Two basket electrodes (Mercator, Cardiac Pathways, Sunnyvale, California or Constellation, Boston Scientific EP Technologies, Watertown, Massachusetts) were used for global bi-atrial mapping of AF and atrial ectopic beats, which occurred after external electrical cardioversion by direct current (DC) shock (PhysioControl, Seattle, Washington). Each basket electrode has eight equidistant splines that are labeled clockwise “A” through “H” in cephalad view. The spatial orientation of the splines in the atrium was identified by additional radiopaque markers positioned on splines “A,” “B” (Constellation) and “C” (Mercator). Each spline has four pairs of bipole electrodes numbered one through four from the distal end. The intra-bipole distance is 2 mm, and the inter-bipole distance is 8 mm in Mercator baskets; whereas the intra- and inter-bipole distances were 4 to 5 mm in Constellation baskets. The volume of the basket can be chosen according to the atrial size. One basket was deployed first in the left atrium by standard trans-septal technique, and the other was deployed in the right atrium (Fig. 1). Care was taken to expand the basket splines evenly over the whole atrial wall. Before the trans-septal approach, intravenous heparin was first given as 5,000 U in bolus followed by continuous infusion of 100 U/h throughout the procedure. Local atrial electrograms from 32 recording sites of one basket electrode together with a 12-lead surface electrocardiogram (ECG) were monitored and recorded simultaneously by a computerized multi-channel oscilloscope system (CardioLab 4.02, Prucka Engineering Inc., Houston, Texas). The data were sampled at 1 KHz and stored in a compact disc for immediate and off-line analysis.
Electrical cardioversion by transthoracic DC shock was started from 100 J and increased by 100 J until termination of AF or a maximum of 400 J was reached. After each successful cardioversion, simultaneous 12-lead ECG and local electrograms from 32 atrial sites of each of the basket electrodes were continuously recorded, each for 2 min in sequence to document any occurrence of atrial ectopic beats or the early reinitiation of atrial tachyarrhythmias including atrial tachycardia, atrial flutter and AF. Observation was then extended for a total of 30 min to monitor and capture any further recurrence in the later phase. The order of mapping in either the right or left atrium was at random.
Antiarrhythmic drug effect
To evaluate the effect of antiarrhythmic drugs on the occurrence of atrial ectopic beats after successful cardioversion, the 32 patients were divided randomly into two groups (16 patients in each) receiving either intravenous dl-sotalol (1.5 mg/kg) (Bristol-Myers Squibb GmbH, Munich, Germany) or intravenous propafenone (2 mg/kg) (Knoll AG, Ludwigshafen, Germany) before repeated electrical cardioversion for previously failed or spontaneously reinitiated AF. If previous cardioversion terminated AF and reinitiation did not occur within 30 min, it would be re-induced by rapid atrial pacing before pharmacologic intervention.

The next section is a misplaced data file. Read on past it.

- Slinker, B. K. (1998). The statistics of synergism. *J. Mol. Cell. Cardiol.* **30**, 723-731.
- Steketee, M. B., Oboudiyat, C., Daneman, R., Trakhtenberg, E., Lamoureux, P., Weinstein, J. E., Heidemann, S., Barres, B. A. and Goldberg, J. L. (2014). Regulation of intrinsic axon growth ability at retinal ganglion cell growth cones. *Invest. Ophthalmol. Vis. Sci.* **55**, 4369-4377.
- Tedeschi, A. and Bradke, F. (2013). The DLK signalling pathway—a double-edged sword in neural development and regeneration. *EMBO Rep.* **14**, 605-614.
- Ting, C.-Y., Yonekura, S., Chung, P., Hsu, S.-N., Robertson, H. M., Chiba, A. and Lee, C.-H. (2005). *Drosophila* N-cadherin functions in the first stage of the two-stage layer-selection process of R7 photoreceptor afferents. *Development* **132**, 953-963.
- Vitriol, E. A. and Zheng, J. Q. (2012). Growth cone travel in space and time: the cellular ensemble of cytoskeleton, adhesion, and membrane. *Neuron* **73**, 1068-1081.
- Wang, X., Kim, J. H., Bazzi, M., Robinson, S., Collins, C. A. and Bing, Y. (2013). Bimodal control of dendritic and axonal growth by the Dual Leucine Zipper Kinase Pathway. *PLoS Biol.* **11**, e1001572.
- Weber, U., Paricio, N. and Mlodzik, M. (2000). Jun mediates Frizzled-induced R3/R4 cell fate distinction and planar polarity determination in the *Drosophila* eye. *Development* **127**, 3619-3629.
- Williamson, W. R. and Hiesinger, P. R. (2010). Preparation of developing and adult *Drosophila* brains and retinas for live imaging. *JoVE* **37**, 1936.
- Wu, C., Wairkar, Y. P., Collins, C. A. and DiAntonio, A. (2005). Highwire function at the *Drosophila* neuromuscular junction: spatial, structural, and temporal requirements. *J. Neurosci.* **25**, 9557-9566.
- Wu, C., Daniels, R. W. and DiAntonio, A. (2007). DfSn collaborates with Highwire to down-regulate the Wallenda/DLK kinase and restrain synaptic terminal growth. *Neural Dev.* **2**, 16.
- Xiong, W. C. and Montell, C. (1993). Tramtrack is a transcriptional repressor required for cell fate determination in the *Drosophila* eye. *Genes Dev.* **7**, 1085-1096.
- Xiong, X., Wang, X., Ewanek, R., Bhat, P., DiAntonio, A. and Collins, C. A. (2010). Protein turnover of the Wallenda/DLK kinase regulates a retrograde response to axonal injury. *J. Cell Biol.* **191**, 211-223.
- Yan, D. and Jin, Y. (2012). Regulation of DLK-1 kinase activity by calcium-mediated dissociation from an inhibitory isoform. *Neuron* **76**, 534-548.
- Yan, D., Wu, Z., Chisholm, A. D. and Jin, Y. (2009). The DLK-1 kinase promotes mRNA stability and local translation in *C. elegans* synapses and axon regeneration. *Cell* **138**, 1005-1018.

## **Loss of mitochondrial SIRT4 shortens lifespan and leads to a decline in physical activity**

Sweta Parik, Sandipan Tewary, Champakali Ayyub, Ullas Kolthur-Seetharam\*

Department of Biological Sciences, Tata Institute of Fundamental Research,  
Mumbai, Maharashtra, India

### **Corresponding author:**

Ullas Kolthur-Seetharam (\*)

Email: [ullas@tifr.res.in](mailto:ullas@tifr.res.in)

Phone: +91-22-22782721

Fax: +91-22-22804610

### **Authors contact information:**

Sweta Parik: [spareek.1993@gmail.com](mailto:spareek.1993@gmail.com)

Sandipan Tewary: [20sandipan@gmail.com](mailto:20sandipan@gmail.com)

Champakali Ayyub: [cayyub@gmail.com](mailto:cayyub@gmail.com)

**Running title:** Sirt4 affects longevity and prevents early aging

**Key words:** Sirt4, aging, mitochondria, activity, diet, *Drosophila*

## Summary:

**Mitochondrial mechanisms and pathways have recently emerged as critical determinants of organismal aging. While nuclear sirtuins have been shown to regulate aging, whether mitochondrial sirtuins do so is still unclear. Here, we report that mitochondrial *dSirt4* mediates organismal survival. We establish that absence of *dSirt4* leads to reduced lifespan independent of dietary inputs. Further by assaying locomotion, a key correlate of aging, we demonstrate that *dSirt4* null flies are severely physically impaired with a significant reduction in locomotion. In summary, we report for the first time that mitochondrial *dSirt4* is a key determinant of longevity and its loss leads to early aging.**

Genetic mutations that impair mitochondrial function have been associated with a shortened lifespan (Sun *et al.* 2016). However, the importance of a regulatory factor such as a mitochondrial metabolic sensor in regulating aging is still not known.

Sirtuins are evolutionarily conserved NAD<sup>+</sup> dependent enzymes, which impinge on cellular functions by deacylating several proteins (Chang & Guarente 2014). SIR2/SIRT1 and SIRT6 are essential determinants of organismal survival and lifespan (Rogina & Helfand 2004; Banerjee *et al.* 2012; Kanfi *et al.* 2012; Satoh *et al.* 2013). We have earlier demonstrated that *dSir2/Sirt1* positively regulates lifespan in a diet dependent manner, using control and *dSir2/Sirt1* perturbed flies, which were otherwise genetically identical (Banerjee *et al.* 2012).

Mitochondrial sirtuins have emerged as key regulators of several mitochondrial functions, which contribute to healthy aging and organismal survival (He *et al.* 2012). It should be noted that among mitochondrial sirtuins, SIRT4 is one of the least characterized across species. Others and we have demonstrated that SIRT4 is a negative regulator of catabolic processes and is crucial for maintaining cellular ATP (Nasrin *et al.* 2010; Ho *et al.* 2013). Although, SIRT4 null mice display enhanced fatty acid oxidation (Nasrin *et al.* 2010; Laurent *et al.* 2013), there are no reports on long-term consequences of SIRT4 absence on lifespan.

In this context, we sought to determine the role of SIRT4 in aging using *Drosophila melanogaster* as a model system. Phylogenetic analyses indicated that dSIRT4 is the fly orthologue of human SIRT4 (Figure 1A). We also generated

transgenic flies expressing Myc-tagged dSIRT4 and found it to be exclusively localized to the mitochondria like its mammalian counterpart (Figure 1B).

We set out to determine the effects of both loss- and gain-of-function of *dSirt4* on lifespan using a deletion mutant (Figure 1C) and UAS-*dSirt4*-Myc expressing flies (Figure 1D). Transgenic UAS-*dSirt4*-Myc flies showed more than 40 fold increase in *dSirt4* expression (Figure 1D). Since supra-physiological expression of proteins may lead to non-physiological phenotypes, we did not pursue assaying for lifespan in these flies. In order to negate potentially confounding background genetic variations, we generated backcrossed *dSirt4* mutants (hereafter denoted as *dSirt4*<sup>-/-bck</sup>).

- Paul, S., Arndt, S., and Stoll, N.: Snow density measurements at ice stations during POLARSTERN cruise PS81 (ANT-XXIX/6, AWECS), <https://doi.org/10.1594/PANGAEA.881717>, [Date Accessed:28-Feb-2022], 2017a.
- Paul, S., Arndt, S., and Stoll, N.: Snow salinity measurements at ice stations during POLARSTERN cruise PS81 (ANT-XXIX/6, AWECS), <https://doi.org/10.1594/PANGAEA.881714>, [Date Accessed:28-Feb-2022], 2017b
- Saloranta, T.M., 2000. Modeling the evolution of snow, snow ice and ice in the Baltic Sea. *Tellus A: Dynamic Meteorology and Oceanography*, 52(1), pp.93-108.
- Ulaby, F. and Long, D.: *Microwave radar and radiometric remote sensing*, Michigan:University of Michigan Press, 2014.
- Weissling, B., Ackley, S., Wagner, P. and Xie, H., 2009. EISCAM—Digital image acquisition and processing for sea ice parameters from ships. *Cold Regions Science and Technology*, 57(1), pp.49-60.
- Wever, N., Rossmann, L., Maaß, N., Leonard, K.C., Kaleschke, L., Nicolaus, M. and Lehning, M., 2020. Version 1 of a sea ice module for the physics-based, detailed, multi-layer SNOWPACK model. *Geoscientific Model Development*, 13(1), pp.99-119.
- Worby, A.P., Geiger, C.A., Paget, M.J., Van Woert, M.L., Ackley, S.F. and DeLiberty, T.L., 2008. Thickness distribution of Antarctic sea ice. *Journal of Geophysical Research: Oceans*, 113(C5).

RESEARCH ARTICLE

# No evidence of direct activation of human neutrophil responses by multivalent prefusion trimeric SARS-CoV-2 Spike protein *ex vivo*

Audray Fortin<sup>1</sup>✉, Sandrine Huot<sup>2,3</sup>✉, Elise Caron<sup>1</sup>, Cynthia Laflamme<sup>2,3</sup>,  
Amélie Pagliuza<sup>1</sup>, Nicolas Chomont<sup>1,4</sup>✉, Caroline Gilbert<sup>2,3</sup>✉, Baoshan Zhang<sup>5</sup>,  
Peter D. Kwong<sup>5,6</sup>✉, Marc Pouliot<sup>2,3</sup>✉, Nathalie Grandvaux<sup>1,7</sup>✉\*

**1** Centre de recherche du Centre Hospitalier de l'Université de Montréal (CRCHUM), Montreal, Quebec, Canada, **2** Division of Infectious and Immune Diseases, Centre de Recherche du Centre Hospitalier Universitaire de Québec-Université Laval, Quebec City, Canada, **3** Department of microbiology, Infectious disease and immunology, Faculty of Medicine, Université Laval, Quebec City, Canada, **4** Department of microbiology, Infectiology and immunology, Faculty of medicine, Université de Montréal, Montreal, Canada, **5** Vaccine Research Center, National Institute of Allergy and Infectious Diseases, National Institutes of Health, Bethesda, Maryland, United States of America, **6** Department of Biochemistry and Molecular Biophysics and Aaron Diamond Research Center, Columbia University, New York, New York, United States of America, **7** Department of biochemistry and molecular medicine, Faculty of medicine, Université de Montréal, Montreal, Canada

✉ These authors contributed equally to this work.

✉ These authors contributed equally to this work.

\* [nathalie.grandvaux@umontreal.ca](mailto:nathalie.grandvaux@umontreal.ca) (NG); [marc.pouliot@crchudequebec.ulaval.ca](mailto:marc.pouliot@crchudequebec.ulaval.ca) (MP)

Successful cardioversion of AF was defined as the resumption of sinus rhythm for at least three beats after external DC shock (8).
Distinct atrial ectopic beats appearing after successful cardioversion were identified by P-wave morphology on the 12-lead ECG and by the atrial activation sequence. The earliest endocardial activation site of each distinct atrial ectopic beat was localized by recording the earliest site of presystolic local activation ≥10 ms before the onset of P wave by atrial basket electrodes. To describe the anatomical locations of the atrial ectopic beats mapped by the basket electrodes, each atrium was arbitrarily divided into four regions (anterior, posterior, septal and lateral) by orthogonal fluoroscopic views. The left atrial posterior region represented the area of the convergence of four pulmonary vein orifices. The right atrial posterior region represented the area containing the sinus node and the crista terminalis. The anterior regions of both atria represented mainly the atrial appendages.
Continuous data were expressed as mean ± standard deviation and compared by unpaired or paired Student ttest. Variance (SD2) of local atrial electrogram intervals (local A-A intervals) was calculated to represent the dispersion of atrial refractory periods. To evaluate the potential within-patient effects, the presence or absence of the clustering of atrial ectopic foci after electrical cardioversion was analyzed by comparing the frequencies of ectopic foci among different atrial regions using generalized estimating equation (GEE) with the Poisson model and an exchangeable working correlation matrix. By choosing the most common region of atrial ectopic foci as the reference level, the relative frequencies of atrial ectopic foci in other atrial regions were presented at 95% confidence level and statistically tested by robust standard error of GEE (SAS 6.12 for Windows). The effect of antiarrhythmics was likewise tested before and after the drug. A two-side p value <0.05 was considered to be statistically significant. Also, the occurrence of atrial ectopies after cardioversion was correlated with underlying medical diseases, cardiac chamber dimensions and local A-A intervals in AF by Pearson correlation analysis.
Clinical characteristics and electrical cardioversion
The mean duration of long-standing AF in the 32 patients was 3.2 ± 2.5 years, ranging 3 months to 11 years. Left atrial dimension measured by echocardiography was 45.5 ± 4.2 mm (range 37 to 63 mm). The mean local A-A intervals determined by bi-atrial basket electrodes were 142 ± 6 ms in the left atrium and 149 ± 8 ms in the right (p < 0.001, paired t), whereas the variance of local A-A intervals was 48 ± 72 ms2in the left atrium and 85 ± 83 ms2in the right (p > 0.05, paired t).
Twenty-nine (90.6%) of the 32 patients could be converted to normal sinus rhythm by DC shock before pharmacological intervention at 247 ± 98 J (range 100 to 400 J). After addition of dl-sotalol (16 patients) or propafenone (16 patients), all 32 patients (100%) could be converted to sinus rhythm. The energy requirement for the dl-sotalol group was 206 ± 85 J (range 100 to 400 J) (p < 0.05 vs. 250 ± 94 J before dl-sotalol), while that for the propafenone group was 244 ± 89 J (range 100 to 400 J) (p > 0.05 vs. 242 ± 82 J before propafenone).